• therapeutic
  • Although there have been recent reports of significant responses with the use of cytotoxic agents in the treatment of castration-resistant disease ( 3 ), there remains an urgent need for new therapeutic strategies in both an adjuvant setting and following failure of androgen ablation therapy. (aacrjournals.org)
  • aromatase
  • melanocortin-4 receptor results in obesity in mice.The prolactin inhibition of follicle stimulating hormone-induced aromatase activity in. (tylerweitzman.tk)
  • tumors
  • Although the majority of these patients respond initially to androgen ablation, virtually all tumors eventually progress with castration-resistant disease ( 2 ). (aacrjournals.org)
  • binds
  • Along with the DBD, the LBD contributes to the dimerization interface of the receptor and in addition, binds coactivator and corepressor proteins. (wikipedia.org)
  • mifepristone
  • Some steroid antagonists: Androgen: cyproterone acetate Progestins: mifepristone, gestrinone Steroid hormones are transported through the blood by being bound to carrier proteins-serum proteins that bind them and increase the hormones' solubility in water. (wikipedia.org)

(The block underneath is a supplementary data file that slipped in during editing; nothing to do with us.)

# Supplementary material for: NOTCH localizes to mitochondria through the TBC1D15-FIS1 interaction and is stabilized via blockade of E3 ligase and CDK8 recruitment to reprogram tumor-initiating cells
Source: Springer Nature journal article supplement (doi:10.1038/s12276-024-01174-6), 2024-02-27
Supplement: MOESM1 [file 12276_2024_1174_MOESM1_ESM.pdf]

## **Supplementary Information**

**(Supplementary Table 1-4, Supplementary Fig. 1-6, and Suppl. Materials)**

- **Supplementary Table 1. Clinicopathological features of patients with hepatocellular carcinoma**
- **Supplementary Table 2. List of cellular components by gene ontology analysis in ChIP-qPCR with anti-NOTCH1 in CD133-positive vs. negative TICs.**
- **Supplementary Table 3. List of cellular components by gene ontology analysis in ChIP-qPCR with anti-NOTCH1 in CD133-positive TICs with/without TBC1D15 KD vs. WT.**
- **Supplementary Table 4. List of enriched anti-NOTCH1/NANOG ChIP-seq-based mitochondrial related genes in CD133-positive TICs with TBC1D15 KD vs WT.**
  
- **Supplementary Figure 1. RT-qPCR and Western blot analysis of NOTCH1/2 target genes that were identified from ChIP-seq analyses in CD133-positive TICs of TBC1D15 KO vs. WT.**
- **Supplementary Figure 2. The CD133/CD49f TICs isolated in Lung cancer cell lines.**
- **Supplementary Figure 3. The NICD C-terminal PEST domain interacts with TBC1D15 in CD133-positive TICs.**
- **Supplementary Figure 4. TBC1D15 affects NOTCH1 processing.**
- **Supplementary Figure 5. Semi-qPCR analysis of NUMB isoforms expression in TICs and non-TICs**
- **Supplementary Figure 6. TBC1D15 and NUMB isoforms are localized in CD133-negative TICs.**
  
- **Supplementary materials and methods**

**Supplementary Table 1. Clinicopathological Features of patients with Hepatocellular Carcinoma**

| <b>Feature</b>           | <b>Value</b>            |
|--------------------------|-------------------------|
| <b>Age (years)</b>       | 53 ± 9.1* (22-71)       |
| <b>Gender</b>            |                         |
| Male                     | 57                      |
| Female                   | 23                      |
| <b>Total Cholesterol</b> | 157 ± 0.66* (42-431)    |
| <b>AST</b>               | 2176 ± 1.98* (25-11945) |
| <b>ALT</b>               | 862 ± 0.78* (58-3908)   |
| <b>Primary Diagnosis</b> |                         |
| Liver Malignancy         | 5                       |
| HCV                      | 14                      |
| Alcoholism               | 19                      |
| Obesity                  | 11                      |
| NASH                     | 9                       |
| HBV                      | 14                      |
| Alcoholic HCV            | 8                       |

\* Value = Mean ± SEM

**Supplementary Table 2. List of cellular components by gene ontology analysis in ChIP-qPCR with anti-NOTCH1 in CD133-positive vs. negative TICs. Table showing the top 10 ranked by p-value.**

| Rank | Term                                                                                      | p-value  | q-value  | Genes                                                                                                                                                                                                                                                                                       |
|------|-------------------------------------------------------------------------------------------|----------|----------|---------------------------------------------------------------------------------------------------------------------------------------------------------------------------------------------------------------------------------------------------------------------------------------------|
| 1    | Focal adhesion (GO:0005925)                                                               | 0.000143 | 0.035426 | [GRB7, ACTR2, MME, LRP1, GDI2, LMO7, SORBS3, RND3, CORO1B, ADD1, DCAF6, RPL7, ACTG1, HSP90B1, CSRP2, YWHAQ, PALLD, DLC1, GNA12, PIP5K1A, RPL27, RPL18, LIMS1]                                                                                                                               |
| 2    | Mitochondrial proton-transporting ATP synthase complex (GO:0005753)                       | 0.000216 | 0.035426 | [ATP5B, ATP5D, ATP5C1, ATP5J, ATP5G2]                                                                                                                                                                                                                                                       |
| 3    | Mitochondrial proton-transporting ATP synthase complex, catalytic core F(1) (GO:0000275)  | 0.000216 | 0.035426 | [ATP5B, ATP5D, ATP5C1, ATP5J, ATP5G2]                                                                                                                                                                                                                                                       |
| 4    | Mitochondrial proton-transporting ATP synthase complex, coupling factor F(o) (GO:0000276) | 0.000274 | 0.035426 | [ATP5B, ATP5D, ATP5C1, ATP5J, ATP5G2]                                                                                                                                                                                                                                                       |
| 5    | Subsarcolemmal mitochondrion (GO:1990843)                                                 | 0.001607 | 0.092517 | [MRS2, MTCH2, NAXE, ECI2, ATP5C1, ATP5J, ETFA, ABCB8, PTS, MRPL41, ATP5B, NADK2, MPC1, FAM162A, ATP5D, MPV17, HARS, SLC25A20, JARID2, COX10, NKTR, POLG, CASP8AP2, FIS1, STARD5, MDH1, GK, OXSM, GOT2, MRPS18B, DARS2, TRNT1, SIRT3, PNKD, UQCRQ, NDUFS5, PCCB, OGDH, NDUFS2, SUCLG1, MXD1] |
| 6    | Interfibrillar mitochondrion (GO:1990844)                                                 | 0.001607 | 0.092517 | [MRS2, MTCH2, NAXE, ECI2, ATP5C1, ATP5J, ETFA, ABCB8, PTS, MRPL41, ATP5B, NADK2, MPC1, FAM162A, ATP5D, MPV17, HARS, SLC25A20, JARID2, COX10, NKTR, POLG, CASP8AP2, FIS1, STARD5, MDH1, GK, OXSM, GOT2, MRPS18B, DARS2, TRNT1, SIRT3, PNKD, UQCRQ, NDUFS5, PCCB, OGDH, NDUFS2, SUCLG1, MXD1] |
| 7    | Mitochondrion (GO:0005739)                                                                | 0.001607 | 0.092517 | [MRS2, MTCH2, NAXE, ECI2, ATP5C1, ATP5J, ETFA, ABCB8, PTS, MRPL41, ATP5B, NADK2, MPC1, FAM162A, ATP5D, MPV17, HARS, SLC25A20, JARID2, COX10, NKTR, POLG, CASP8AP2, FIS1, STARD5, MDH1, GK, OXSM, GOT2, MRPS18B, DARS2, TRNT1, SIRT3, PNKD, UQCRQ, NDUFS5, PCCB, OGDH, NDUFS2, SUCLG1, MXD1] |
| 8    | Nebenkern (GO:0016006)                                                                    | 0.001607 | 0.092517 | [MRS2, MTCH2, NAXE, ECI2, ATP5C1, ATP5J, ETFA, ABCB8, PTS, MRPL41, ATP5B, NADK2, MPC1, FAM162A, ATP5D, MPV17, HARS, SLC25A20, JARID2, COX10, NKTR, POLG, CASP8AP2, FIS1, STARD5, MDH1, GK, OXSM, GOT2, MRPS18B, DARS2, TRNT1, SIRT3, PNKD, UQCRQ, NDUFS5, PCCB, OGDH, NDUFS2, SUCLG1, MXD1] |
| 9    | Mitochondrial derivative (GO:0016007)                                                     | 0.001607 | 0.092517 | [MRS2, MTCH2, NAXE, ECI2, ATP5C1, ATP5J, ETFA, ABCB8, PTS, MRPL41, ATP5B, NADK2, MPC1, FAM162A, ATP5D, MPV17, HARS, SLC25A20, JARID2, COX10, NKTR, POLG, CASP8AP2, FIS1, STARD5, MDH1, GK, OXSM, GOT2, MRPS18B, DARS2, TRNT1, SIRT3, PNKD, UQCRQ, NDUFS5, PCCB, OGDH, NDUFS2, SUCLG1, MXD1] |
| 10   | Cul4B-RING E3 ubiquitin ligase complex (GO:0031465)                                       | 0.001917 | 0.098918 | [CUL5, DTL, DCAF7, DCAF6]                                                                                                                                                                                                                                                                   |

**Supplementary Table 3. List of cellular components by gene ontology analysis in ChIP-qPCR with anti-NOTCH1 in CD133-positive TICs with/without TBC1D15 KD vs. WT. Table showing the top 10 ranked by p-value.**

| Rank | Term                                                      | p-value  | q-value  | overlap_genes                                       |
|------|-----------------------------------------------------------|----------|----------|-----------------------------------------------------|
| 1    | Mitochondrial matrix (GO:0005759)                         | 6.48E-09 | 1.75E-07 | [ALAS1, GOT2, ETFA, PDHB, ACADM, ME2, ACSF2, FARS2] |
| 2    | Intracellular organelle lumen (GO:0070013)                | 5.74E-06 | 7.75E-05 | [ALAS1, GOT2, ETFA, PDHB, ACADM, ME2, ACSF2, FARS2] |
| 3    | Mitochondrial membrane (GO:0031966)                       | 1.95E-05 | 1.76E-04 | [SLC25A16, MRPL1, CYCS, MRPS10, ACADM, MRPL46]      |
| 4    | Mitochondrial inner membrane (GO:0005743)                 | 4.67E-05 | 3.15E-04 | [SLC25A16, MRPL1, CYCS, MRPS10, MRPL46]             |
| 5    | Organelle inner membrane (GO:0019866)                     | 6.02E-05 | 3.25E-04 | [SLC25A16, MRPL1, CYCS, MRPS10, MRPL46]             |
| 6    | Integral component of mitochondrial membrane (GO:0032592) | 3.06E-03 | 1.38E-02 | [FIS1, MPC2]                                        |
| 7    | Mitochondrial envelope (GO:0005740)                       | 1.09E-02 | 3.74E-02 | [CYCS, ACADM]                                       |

• affinity
  • Some of these receptors such as FXR, LXR, and PPAR bind a number of metabolic intermediates such as fatty acids, bile acids and/or sterols with relatively low affinity. (wikipedia.org)
  • enzymes
  • In addition, it does not inhibit 5α-reductase and is not known to inhibit other enzymes involved in androgen steroidogenesis (e.g. (wikipedia.org)
  • aromatase
  • The excess cortisol may also affect other endocrine systems and cause, for example, insomnia, inhibited aromatase, reduced libido, impotence in men, and amenorrhoea/oligomenorrhea and infertility in women due to elevations in androgens. (wikipedia.org)
  • selectivity